Split block-calving businesses can soon erode the efficiencies gained from calving in both spring and autumn when cows are allowed to slip between the two blocks.
Despite current cull prices and rising replacement costs, carrying cows over – whether in the same herd or to a separate herd – will lose money.
Every time a cow slips, three months are lost before she gets to the next block, says vet Rachel Risdon of Westpoint Vet Group, Cornwall.
“This is more than in a year-round calving herd, where a cow would slip just three weeks (one cycle). In addition, some cows may not milk on for an extra six months, so they may have to be dried off with their original group before transferring blocks. But this produces an extra-long dry period, with cows liable to get fat. Or, you end up in a situation with one or two lonesome dry cows that don’t fit either block.”
Difficult calvings, endometritis and anoestrus make it harder for cows to get pregnant again on time. But late-calving cows and first-lactation heifers often struggle, too. Calving at the tail end of a 12-week block, cows have fewer chances to get back in-calf during the planned mating period. While heifers must cope with the stresses of herd life.
Although late calvers can be induced, there are risks, says Mrs Risdon. Using steroids to calve early can knock the cow’s immune system and lead to health issues such as more mastitis. Instead, she recommends a vet check to make sure all cows are clean and cycling before mating, working back from the planned start of mating.
“Cystic or anoestrus cows can be treated. Another option is the ‘why wait?’ system, where prostaglandin is used to shorten oestrus cycles. It brings cows forward by a week, concentrating three weeks of AI into two weeks.”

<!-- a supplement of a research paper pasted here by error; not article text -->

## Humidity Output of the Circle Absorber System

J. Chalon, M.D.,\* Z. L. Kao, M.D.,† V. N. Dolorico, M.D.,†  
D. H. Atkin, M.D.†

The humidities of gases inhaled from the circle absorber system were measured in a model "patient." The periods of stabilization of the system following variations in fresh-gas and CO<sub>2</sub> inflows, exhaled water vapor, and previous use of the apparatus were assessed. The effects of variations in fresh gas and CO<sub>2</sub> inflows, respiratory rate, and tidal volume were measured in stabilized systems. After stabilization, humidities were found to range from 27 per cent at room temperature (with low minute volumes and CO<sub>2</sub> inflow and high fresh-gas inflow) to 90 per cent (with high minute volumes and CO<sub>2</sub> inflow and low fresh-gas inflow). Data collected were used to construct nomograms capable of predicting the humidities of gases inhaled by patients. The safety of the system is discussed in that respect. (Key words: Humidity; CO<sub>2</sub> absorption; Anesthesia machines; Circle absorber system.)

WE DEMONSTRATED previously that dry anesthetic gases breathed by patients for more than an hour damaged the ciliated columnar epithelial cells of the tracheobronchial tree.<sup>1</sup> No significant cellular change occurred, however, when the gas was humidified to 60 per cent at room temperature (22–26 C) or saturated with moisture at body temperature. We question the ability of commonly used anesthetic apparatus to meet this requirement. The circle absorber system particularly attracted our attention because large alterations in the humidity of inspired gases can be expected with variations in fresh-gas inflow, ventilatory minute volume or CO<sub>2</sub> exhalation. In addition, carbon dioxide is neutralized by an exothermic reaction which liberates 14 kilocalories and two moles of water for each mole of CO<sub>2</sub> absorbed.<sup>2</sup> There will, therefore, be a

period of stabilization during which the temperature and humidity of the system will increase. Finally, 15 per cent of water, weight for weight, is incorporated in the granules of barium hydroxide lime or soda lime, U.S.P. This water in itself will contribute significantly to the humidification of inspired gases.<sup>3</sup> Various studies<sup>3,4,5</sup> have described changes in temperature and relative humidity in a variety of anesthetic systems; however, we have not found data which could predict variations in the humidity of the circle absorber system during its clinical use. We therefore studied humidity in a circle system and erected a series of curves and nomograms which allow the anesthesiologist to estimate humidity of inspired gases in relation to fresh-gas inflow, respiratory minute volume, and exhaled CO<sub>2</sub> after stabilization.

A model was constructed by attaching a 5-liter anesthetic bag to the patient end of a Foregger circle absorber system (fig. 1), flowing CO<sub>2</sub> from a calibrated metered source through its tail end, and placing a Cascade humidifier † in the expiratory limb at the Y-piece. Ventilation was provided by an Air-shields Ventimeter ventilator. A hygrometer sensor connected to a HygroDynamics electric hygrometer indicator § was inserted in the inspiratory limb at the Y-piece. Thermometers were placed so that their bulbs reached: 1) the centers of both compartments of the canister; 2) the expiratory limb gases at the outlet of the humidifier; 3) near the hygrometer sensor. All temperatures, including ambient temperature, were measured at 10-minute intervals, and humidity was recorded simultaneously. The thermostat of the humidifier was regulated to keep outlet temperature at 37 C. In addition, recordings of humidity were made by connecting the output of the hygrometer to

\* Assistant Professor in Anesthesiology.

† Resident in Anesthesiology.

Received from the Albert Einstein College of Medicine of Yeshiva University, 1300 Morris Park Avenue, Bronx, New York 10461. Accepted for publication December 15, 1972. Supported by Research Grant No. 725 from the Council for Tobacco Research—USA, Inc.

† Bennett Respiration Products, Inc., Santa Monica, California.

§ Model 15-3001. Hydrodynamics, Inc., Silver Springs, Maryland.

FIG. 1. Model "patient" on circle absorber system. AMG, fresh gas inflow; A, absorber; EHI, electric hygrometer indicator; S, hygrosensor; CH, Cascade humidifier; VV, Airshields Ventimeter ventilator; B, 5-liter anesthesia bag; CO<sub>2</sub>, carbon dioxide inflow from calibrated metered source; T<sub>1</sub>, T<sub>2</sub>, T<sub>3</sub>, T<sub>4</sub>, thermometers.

Mrs Risdon believes hormone therapy is more cost-effective than allowing cows to slip between groups when done at the right time. “Depending on the number of replacements coming in, it may also be better to sell individuals rather than carry them over,” she adds.
Where a cow is carried over to the next block, Mrs Risdon suggests fitting her with a sheep ear-tag. This acts as a visible and permanent reminder that this cow has had her chance – and next time needs appropriate action. She also reminds producers that it is always better to improve fertility by managing cows to ensure they calve down in the correct body condition.
“Fertility is related to condition score at calving: The right score leads to fewer non-cycling, or dirty cows. Plan ahead and manage condition score two months before drying off. After calving, record all heats and identify at-risk cows that might have trouble getting back in calf on time.”
TONY RENWICK, EAST SUSSEX
Herd manager Tony Renwick is synchronising heifers and cows to front-end load an autumn block calving. This ensures that 86% of Lord Newton’s 230-cow herd calves within the first six weeks.
Having first converted the herd at Arches Farm, East Sussex, from year-round calving and high yields, Mr Renwick’s goal is now to have all cows calved in six weeks. “We want to fill the bulk tank as quickly as we can,” he says.
Autumn block calving means cows are dry when grass growth stops in summer and supply winter milk, worth up to 6p/litre in seasonality payments. But a tight calving pattern is also important for what is basically a one-man system plus it creates a neater block of heifers to rear and calve together, he adds.
Last year, Mr Renwick tried inducing some late-calving cows to give them longer to get pregnant again. “They all held their cleansing, even though we prepared them with selenium and vitamin E jabs. We had to wash them all out and each was served two or three times,” he says.
Instead, working with his vet Steve Blowey of Howe, Starnes, Gatwood, Blowey and Wood, he uses prostaglandin so that cows and heifers are bulling and ready to be inseminated on days one and two of the mating period. “Calving early in the block, this gives a heifer 12 weeks in which to become settled into the herd and milking routine, and get cleaned up ready for serving.”
Tony says the cost of synchronising (including vet time) works out at £5.10 a cow and £14.50 a heifer. The herd now has a 21-day submission rate of 95% and a 12-week empty rate of 7%.
Slipping cows between block calving
- Lose three months
- Long dry periods
- Front-end load the block